Most of the servers, as well as Chef Martin, are sommeliers, and they happily will offer a taste or two or offer a vintage from the award-winning selection. When he’s not too busy in the kitchen, Chef Martin said he enjoys a visit to the restaurant’s wine cellar with guests.
“I enjoy sharing the celebration of fresh, vibrant food and wine, and introducing guests to new flavors,” said Martin.
Steakhouse 55 has been awarded “Four Stars” from the Orange County Register and a Golden Bacchus from the Southern California Restaurant Writers Association. Zagat rates the restaurant “amazing,” “a gem,” “elegant” and “the best ribeye in town.”
Prix-fixe and children’s menus are available. The private Oak Room may be reserved for parties of up to 22.
Breakfast feels like a special occasion at Steakhouse 55, where guests tend to relax and sip lattes and cappuccinos – or maybe a hot chocolate with whipped cream. Specialties such as buttermilk pancakes with warm Bananas Foster or French toast with warm berries are an indulgent way to start the day, or fill up on eggs Benedict, omelettes, huevos rancheros or a hearty breakfast burrito. Splurge with the 7-ounce Angus steak and eggs, or behave with granola, yogurt and fruit or the Smoked Salmon and Bagel platter. For kids, Mickey-shaped pancakes, scrambled eggs or favorite breakfast cereals are on the menu.
My old friend Doug collected Disney pins. In 1993.
Ten years later, an enterprising sharp pencil person decided that they could make a sub-industry out of “trading pins”. They released pins for the sake of releasing pins, and collectors gobbled them up. Every possible event was capitalized upon with a pin release. Lanyards became the normal wear for Disney fans around the park, and new customers were lured in with snazzy “starter sets”.
Is buying every rare pin that comes out just for the sake of owning it collecting…or is it more like hoarding?
Beanie Babies were quite the rage at the time. Disney took part in that, too. The Beanie Babies that people tore each other apart over, paid thousands of dollars for, are now going for about three dollars each on eBay.
And now there’s “Vinylmation”. Bear-shaped…oh, sorry…mouse-shaped generic figures stamped with different Disney-themed designs, let’s call it an “homage” to Medicom’s Bearbrick series. People who know nothing about Urban Vinyl are snapping these up by the blind boxload because Disney merchandising told them it’s the “next big thing!”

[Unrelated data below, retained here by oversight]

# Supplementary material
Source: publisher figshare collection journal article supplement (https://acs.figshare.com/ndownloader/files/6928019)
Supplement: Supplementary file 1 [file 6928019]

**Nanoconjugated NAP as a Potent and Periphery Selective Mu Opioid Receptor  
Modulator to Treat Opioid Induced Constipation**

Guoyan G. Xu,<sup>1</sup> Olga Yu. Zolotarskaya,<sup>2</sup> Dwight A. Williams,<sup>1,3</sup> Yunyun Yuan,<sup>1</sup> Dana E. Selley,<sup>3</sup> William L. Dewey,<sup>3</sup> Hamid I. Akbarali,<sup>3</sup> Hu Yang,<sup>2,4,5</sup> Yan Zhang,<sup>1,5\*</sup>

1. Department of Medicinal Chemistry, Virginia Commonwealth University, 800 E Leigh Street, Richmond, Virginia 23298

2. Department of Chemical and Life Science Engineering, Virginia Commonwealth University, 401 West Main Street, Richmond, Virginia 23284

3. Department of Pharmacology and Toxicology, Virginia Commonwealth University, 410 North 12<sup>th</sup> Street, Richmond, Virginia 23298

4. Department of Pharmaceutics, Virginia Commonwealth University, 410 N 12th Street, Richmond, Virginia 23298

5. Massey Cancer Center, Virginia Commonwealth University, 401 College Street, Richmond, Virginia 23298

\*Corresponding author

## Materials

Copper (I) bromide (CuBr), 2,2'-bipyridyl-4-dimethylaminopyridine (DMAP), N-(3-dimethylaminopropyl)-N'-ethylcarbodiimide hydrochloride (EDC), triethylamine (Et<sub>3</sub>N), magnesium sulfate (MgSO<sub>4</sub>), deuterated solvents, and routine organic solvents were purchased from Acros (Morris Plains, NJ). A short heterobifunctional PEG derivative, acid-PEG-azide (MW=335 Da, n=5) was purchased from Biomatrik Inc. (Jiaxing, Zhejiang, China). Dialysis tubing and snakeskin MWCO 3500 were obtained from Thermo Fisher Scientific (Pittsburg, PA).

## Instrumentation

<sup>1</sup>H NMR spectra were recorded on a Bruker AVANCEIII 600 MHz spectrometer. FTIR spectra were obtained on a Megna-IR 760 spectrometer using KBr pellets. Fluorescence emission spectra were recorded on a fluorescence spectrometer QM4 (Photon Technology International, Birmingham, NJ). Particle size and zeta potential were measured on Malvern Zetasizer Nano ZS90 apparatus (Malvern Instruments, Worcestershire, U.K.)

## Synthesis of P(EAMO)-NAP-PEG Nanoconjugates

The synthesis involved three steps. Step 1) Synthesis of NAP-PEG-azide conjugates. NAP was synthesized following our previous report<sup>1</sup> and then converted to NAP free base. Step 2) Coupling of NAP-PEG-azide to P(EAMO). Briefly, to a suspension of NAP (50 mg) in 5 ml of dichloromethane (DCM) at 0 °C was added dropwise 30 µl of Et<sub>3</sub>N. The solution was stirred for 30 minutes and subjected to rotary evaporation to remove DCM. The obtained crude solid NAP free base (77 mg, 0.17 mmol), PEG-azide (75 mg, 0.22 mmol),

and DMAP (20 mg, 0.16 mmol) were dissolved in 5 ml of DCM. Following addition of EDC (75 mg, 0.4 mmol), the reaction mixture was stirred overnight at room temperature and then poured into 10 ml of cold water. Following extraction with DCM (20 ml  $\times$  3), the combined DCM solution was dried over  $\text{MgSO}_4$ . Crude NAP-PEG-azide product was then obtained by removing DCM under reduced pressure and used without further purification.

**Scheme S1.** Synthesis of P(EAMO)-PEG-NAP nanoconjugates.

Let me introduce you to a very nice man from Hong Kong – big Disney fan as well. Michael Lau. Since the late 90s, “The Godfather of Urban Vinyl” has been creating vinyl figures based mostly on street culture, but also occasionally popular culture as well.
I hear he’s going to be doing something with Disney soon. Ah, the Circle of Merchandise.
As I said in “Miehana, Youhana…” Disney-based art is best when done by people who know and love it, instead of corporations whose collectibles can bring in synergistic revenues. So it’s good that we have Kevin and Jody. It’s good that Disney is working with Disney fan Michael Lau and other Disney fans.
It’s also important that people in the studios and Imagineering – people who are part of the history and culture – are recognized for their art as well. People like Larry Nikolai (who has a little something or other in the D23 auction this week, by the way), who have hands-on (and hearts-on) experience with Disney.
Don’t buy something because it’s a collectible – it might be worthless later on. Buy something you love, and no matter what eBay says, it will always be priceless to you.
MOMS SPEND 24 HOURS A WEEK ONLINE, ACCORDING TO JUST RELEASED
STUDY BY DISNEY ONLINE
Results Show Technology Makes Being a Mom Easier by Increasing Mom’s Ability to Search
for Information, Connect with Others and Manage Family Activities
BURBANK, Calif. – October 27, 2010 – Results were revealed today from Disney Online’s
M.O.M. – Mom on a Mission research study, that illustrate how today’s Mom is utilizing
technology and the Internet to make being a Mom easier. Key learnings were shared in an
address presented by Paul Yanover, EVP of Disney Online and Brad Davis, SVP of Disney Online
Ad Sales, at M2Mom® — The Marketing to Moms Conference in the Chicago Cultural Center.
“We are committed to be experts on the marketplaces we serve, and to share our knowledge with
clients and the industry at large,” said Paul Yanover, EVP of Disney Online. “Moms inspire us in